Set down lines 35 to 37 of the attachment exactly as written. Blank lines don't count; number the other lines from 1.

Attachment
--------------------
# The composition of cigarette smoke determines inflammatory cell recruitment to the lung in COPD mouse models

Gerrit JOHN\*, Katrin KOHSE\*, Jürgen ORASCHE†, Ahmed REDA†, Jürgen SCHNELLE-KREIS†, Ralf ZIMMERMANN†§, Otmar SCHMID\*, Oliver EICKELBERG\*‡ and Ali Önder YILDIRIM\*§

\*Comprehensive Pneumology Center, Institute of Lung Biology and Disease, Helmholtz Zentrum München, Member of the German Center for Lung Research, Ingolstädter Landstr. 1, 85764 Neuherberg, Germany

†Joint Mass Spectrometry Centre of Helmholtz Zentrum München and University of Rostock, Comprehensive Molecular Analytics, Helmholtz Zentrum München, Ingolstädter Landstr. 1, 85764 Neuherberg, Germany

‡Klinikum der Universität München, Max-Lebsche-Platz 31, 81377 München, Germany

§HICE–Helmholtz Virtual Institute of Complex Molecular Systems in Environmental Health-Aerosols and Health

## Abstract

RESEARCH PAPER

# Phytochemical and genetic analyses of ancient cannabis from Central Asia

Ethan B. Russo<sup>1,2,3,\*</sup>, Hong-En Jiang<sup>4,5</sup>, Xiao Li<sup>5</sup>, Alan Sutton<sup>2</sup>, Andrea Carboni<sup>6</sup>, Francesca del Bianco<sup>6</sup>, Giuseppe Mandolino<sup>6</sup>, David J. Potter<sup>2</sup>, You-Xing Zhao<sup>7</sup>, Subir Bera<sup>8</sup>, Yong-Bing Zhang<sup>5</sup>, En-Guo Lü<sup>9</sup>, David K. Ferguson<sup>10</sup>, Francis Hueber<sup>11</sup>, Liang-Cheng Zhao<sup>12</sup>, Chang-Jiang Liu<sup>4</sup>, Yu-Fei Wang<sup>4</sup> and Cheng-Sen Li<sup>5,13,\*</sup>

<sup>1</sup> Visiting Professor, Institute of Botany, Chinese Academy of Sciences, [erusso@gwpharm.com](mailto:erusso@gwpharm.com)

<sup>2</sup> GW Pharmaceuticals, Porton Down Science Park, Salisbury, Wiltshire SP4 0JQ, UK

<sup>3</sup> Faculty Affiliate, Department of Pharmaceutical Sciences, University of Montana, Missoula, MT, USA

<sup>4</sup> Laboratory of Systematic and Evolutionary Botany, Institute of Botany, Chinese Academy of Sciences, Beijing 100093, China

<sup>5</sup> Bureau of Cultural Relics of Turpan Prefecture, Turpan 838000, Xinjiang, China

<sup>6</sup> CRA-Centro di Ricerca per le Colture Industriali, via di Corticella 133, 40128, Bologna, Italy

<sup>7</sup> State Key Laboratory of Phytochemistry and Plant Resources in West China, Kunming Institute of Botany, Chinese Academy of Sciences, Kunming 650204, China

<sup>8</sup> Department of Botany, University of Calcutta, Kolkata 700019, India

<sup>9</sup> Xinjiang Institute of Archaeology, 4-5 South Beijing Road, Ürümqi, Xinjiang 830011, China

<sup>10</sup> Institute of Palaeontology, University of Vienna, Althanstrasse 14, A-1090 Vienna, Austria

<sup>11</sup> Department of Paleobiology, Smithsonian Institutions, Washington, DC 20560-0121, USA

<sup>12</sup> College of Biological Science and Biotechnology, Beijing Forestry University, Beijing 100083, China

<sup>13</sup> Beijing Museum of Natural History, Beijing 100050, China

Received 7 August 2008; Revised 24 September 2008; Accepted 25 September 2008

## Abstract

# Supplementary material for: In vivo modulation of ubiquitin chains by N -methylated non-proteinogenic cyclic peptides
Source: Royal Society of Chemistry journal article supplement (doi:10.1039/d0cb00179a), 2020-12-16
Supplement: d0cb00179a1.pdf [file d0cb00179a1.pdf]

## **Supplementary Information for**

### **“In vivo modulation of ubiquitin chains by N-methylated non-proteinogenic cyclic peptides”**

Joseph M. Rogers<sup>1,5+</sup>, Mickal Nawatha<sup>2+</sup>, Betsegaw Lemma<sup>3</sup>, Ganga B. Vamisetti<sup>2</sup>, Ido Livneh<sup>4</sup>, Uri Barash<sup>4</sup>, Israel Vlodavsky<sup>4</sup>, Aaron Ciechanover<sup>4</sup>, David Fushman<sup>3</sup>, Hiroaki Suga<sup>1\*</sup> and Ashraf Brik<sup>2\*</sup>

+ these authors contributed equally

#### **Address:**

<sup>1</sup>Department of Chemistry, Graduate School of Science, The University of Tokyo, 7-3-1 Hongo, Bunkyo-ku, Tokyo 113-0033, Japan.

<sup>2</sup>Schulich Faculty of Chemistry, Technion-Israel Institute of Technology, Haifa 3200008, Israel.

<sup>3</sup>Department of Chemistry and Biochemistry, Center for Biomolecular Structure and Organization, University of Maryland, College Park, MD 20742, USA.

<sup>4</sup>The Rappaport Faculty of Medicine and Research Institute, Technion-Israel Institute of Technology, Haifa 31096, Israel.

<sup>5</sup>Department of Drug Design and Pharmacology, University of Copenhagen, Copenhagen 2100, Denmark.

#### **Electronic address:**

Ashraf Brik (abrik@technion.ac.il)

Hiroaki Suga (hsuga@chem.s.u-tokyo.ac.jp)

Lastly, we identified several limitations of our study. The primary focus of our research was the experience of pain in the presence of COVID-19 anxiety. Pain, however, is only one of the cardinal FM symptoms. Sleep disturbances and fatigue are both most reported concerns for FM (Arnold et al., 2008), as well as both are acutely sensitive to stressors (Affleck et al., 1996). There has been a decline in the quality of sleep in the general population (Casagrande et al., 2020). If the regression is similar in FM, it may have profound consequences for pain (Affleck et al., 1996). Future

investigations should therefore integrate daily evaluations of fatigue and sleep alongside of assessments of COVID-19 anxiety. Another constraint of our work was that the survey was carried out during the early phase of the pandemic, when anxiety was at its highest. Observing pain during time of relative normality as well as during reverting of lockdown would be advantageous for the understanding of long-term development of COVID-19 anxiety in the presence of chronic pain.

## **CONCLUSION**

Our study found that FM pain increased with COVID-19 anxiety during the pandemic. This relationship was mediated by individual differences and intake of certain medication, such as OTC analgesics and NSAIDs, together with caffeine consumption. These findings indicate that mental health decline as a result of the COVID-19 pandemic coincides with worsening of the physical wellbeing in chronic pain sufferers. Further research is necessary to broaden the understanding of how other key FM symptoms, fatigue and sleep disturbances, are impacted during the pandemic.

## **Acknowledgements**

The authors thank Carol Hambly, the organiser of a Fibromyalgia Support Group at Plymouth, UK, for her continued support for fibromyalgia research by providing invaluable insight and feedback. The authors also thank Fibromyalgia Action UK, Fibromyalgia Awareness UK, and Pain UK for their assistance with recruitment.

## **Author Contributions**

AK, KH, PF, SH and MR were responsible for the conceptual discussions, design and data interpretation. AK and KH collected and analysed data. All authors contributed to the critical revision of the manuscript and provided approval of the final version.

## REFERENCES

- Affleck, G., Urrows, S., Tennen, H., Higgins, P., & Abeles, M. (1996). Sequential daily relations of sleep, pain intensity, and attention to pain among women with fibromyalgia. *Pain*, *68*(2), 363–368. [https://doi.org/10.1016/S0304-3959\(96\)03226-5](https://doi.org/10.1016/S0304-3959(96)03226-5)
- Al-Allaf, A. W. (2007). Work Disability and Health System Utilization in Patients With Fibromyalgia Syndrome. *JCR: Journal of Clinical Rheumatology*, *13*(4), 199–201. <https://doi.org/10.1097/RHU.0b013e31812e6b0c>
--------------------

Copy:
<sup>2</sup>Schulich Faculty of Chemistry, Technion-Israel Institute of Technology, Haifa 3200008, Israel.

<sup>3</sup>Department of Chemistry and Biochemistry, Center for Biomolecular Structure and Organization, University of Maryland, College Park, MD 20742, USA.

<sup>4</sup>The Rappaport Faculty of Medicine and Research Institute, Technion-Israel Institute of Technology, Haifa 31096, Israel.